The architecture of the Bruce has evolved over time. The original Second Empire–style residence underwent several expansions over the decades, including one that virtually “wrapped” the house and left only its upper portions showing. A Postmodern extension in the early 1990s put the front door of the museum along the cacophonous I-95 corridor (the main East Coast north–south interstate highway). One of EDR’s big moves was to reorient the entry to the more tranquil park side. Cambridge, Massachusetts–based landscape architecture firm Reed Hilderbrand collaborated with the architects to form this more serene entrance, which is located in the new addition—a U-shaped structure that navigates the site’s steep grade and stretches around the existing museum’s east elevation. Expansive and filled with daylight, this annex includes a museum store, auditorium, restaurant, and flexible spaces for public and private events. In the lobby, a main staircase transports visitors up through the museum’s various levels, where windows have been placed to assure the transfer of light and views throughout the interior, while an open-air light court landscaped by Reed Hilderbrand between the old and new buildings draws the park into the museum, looking like a diorama of the grounds.
The extension faces a park (1) and features a light court (2) and sculpture gallery (3) with views of the harbor. Photos © Timothy Hursley
With its open, airy atmosphere, the building is designed to handle an ambitious program for school visits as well as revenue-generating events such as weddings. Going forward, Wolterstorff will continue to encourage locals to donate their works and is keenly aware of the new space’s role in that. “Why would someone give a Picasso only to be told, ‘We promise to bring it out of storage when we have enough gallery space’?”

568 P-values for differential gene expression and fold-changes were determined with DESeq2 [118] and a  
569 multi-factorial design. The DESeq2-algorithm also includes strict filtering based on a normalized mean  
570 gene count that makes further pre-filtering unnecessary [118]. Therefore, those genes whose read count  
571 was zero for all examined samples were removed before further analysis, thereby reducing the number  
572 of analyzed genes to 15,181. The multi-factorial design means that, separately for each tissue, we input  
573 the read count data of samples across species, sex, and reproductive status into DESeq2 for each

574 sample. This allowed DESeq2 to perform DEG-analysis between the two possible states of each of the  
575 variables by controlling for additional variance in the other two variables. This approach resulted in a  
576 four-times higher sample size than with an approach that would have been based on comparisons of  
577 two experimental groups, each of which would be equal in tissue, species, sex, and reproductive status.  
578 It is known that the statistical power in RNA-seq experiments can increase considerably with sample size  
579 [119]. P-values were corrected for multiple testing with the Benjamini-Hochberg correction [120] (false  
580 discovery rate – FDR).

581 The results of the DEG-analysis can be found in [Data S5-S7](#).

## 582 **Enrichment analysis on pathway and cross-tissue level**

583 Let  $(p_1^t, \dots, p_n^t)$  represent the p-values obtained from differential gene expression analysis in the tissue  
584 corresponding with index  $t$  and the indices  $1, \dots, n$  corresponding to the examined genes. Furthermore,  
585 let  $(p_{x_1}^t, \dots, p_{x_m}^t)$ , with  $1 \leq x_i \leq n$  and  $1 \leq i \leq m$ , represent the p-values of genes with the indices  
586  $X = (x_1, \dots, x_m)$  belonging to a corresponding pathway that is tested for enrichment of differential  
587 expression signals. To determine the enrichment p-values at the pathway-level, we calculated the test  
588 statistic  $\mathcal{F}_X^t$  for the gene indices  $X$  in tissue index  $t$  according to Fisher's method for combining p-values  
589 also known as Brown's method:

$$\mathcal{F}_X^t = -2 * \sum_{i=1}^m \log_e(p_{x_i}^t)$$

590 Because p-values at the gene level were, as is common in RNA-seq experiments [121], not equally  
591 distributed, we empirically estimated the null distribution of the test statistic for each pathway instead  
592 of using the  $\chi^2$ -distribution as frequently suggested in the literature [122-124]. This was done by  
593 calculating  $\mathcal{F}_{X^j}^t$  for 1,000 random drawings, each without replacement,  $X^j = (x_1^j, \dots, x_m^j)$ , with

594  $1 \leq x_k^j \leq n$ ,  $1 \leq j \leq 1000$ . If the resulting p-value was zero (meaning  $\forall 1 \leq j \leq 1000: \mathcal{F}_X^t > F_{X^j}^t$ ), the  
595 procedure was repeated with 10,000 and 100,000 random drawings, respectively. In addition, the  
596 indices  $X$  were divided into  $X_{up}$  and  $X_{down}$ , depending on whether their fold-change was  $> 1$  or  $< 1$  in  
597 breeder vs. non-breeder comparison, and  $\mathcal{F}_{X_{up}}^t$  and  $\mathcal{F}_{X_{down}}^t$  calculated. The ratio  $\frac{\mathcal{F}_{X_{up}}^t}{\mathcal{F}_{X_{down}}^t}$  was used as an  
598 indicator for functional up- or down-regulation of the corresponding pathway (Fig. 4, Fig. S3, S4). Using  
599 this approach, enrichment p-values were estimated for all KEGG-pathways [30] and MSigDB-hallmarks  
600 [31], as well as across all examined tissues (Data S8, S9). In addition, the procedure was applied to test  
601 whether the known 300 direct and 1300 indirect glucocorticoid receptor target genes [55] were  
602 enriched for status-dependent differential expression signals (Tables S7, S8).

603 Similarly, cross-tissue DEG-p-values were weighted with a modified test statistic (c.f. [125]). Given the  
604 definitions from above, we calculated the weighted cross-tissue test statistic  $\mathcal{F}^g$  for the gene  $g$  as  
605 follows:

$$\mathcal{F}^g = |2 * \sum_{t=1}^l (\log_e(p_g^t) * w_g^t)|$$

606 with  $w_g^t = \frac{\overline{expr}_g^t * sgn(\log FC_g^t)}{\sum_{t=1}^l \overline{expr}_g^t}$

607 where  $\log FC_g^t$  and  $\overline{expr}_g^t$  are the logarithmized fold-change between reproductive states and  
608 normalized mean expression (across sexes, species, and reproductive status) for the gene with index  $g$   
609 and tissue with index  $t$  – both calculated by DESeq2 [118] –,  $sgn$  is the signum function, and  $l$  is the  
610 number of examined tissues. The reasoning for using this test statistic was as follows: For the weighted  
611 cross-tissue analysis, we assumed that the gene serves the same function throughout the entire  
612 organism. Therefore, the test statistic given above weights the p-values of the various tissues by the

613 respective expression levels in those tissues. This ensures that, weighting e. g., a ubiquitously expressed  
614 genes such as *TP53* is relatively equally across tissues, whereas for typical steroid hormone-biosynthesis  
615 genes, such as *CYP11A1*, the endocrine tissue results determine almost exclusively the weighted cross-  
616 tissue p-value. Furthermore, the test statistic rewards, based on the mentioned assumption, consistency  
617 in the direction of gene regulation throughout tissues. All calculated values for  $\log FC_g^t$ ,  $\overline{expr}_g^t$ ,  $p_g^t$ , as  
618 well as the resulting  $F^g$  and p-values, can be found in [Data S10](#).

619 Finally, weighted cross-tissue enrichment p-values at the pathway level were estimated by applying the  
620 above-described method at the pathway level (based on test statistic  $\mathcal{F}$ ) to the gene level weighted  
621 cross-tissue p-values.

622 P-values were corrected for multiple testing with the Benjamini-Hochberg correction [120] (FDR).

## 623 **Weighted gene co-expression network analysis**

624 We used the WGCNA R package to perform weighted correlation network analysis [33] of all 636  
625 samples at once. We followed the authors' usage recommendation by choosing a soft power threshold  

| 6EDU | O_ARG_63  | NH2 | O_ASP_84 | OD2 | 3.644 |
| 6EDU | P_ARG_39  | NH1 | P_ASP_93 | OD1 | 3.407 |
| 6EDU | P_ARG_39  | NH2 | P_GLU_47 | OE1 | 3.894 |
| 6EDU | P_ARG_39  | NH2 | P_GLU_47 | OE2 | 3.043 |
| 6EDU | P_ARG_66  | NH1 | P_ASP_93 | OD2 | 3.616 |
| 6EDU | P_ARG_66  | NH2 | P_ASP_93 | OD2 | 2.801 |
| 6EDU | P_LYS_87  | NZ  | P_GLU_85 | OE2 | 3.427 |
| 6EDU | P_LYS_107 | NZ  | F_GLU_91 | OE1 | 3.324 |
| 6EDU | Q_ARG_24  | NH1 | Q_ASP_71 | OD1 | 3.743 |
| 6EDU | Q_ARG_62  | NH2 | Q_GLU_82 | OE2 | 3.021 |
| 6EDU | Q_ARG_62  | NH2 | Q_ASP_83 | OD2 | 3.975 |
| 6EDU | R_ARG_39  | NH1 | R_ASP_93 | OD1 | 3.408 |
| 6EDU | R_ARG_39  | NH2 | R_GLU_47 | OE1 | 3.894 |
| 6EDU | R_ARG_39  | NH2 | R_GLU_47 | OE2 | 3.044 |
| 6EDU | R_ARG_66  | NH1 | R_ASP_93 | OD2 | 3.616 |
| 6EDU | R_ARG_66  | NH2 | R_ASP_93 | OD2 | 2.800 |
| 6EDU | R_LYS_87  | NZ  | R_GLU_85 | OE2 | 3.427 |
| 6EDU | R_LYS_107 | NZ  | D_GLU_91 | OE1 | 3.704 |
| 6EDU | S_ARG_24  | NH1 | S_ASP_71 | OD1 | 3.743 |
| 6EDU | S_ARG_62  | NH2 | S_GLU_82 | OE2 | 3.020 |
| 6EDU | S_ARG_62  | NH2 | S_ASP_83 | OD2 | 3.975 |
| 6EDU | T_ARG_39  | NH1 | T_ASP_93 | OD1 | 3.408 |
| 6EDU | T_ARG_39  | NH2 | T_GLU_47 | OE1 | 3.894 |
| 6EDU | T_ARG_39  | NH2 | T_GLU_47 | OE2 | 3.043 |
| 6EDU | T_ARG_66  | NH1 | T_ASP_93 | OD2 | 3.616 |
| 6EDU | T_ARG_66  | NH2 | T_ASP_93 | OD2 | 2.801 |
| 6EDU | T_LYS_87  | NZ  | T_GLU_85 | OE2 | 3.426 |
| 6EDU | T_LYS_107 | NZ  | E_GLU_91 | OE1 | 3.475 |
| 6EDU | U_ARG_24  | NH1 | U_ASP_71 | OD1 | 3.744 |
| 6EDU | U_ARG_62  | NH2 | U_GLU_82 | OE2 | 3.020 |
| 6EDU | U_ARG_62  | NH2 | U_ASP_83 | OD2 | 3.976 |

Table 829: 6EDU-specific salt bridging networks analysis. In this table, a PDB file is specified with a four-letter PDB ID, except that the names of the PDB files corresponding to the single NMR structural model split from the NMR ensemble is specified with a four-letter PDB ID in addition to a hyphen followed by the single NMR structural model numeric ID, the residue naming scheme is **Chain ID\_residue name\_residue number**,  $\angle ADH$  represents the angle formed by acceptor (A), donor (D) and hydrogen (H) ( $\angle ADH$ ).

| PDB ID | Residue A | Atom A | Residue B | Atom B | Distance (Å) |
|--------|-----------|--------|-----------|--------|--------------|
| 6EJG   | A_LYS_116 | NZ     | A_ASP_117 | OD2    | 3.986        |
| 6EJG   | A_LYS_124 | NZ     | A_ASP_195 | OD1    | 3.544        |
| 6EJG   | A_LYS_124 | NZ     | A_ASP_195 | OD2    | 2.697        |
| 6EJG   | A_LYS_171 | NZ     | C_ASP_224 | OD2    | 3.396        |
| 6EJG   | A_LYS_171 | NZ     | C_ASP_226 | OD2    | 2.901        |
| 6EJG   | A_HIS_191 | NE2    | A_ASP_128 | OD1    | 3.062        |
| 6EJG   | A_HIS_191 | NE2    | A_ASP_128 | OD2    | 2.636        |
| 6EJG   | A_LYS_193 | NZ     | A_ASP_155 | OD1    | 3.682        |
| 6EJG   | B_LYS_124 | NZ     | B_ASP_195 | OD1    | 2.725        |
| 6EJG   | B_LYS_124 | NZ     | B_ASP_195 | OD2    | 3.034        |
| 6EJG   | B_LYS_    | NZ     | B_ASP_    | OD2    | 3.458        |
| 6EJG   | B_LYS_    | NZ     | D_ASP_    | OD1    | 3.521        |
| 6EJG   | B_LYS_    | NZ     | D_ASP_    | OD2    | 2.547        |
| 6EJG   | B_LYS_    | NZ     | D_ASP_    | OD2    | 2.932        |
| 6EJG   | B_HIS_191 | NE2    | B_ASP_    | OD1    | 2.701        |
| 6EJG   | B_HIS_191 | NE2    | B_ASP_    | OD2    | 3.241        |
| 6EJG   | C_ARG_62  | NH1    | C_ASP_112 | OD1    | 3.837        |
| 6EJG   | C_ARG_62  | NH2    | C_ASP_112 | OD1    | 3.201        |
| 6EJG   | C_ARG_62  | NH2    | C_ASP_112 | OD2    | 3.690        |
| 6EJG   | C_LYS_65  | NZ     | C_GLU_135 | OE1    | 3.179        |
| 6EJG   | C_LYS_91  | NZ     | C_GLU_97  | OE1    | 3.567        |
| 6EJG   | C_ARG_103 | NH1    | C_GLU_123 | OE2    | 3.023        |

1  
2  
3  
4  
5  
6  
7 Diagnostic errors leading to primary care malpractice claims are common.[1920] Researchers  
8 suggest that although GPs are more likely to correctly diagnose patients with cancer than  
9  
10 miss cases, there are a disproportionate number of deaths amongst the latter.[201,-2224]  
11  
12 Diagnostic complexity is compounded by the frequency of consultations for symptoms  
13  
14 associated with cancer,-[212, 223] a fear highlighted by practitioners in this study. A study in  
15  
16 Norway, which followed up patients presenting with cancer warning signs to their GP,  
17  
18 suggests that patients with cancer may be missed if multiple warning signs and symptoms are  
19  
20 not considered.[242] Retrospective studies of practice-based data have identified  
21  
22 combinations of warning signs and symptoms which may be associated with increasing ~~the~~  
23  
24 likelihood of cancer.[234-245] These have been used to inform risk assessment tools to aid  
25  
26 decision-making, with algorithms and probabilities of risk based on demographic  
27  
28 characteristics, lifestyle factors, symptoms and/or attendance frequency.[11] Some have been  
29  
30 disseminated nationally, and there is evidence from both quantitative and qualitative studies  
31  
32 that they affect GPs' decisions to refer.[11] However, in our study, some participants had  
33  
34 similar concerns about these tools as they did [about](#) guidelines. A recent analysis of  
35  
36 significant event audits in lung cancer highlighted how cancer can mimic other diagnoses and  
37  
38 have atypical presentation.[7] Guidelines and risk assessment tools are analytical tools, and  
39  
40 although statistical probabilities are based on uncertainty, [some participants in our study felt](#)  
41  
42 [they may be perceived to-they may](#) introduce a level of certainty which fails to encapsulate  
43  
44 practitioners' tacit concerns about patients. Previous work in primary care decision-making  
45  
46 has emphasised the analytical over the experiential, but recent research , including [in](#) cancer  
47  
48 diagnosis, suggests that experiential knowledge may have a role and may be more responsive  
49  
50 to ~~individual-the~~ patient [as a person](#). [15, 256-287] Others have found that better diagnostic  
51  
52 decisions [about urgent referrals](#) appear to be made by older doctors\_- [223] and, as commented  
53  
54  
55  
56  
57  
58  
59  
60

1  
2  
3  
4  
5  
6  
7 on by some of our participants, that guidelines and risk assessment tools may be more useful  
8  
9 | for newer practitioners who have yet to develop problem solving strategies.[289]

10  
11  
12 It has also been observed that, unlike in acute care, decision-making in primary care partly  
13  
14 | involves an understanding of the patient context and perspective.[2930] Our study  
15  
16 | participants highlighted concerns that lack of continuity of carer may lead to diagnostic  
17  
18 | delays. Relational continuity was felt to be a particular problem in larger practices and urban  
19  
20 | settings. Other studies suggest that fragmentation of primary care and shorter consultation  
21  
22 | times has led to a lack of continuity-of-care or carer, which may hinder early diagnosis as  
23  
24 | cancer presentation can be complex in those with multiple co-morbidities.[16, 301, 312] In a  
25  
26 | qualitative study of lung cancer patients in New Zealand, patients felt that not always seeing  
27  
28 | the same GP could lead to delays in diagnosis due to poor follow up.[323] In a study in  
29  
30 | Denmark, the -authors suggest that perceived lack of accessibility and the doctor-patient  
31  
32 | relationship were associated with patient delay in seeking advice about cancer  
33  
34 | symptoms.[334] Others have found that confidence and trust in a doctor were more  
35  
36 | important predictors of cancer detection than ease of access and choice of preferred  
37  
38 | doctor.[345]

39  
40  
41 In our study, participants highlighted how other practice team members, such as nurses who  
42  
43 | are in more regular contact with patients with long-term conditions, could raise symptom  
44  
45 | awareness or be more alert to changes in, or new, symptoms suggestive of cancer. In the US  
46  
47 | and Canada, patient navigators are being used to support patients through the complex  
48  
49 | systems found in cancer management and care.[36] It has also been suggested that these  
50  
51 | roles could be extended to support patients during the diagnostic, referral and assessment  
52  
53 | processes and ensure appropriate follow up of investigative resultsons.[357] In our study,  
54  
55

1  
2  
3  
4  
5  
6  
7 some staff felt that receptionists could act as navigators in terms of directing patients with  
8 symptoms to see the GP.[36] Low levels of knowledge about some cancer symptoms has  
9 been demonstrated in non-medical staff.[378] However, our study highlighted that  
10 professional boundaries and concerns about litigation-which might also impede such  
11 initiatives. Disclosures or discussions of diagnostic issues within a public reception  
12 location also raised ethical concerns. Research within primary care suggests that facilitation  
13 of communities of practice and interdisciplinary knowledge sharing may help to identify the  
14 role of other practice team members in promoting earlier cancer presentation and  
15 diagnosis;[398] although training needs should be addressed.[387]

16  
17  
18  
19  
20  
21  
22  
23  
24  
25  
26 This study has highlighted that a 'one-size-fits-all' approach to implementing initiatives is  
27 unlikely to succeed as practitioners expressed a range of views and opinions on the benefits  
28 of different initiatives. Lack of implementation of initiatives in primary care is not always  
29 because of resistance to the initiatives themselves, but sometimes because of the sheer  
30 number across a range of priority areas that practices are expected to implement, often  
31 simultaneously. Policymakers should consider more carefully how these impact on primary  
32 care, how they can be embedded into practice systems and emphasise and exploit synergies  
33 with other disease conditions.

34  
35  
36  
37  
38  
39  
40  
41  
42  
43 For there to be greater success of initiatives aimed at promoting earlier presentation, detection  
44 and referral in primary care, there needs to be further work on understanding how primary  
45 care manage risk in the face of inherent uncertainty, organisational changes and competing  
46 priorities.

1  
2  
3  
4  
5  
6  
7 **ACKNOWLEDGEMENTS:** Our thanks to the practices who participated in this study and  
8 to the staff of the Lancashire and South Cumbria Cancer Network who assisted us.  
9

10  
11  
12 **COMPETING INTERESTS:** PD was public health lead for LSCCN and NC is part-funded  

The museum director can barely contain his excitement about the expansion and compares it to a musical instrument: “You’ve been given a Stradivarius; now you need to learn how to play it.”
Click plans to enlarge
EskewDumezRipple — Steve Dumez, principal in charge; Noah Marble, design principal; Shawn Preau, project manager; Javier Marcano, project architect
Guy Nordenson and Associates (structural); Altieri Sebor Wieber (m/e/p); Redniss & Mead (civil)
Reed Hilderbrand (landscape architect); Melick-Tully and Associates (geotechnical); Fisher Marantz Stone (lighting); Simpson Gumpertz & Heger (envelope); Stuart-Lynn (estimating); Bruce J. Spiewak (code); The Stone House Group (commissioning)
74,500 square feet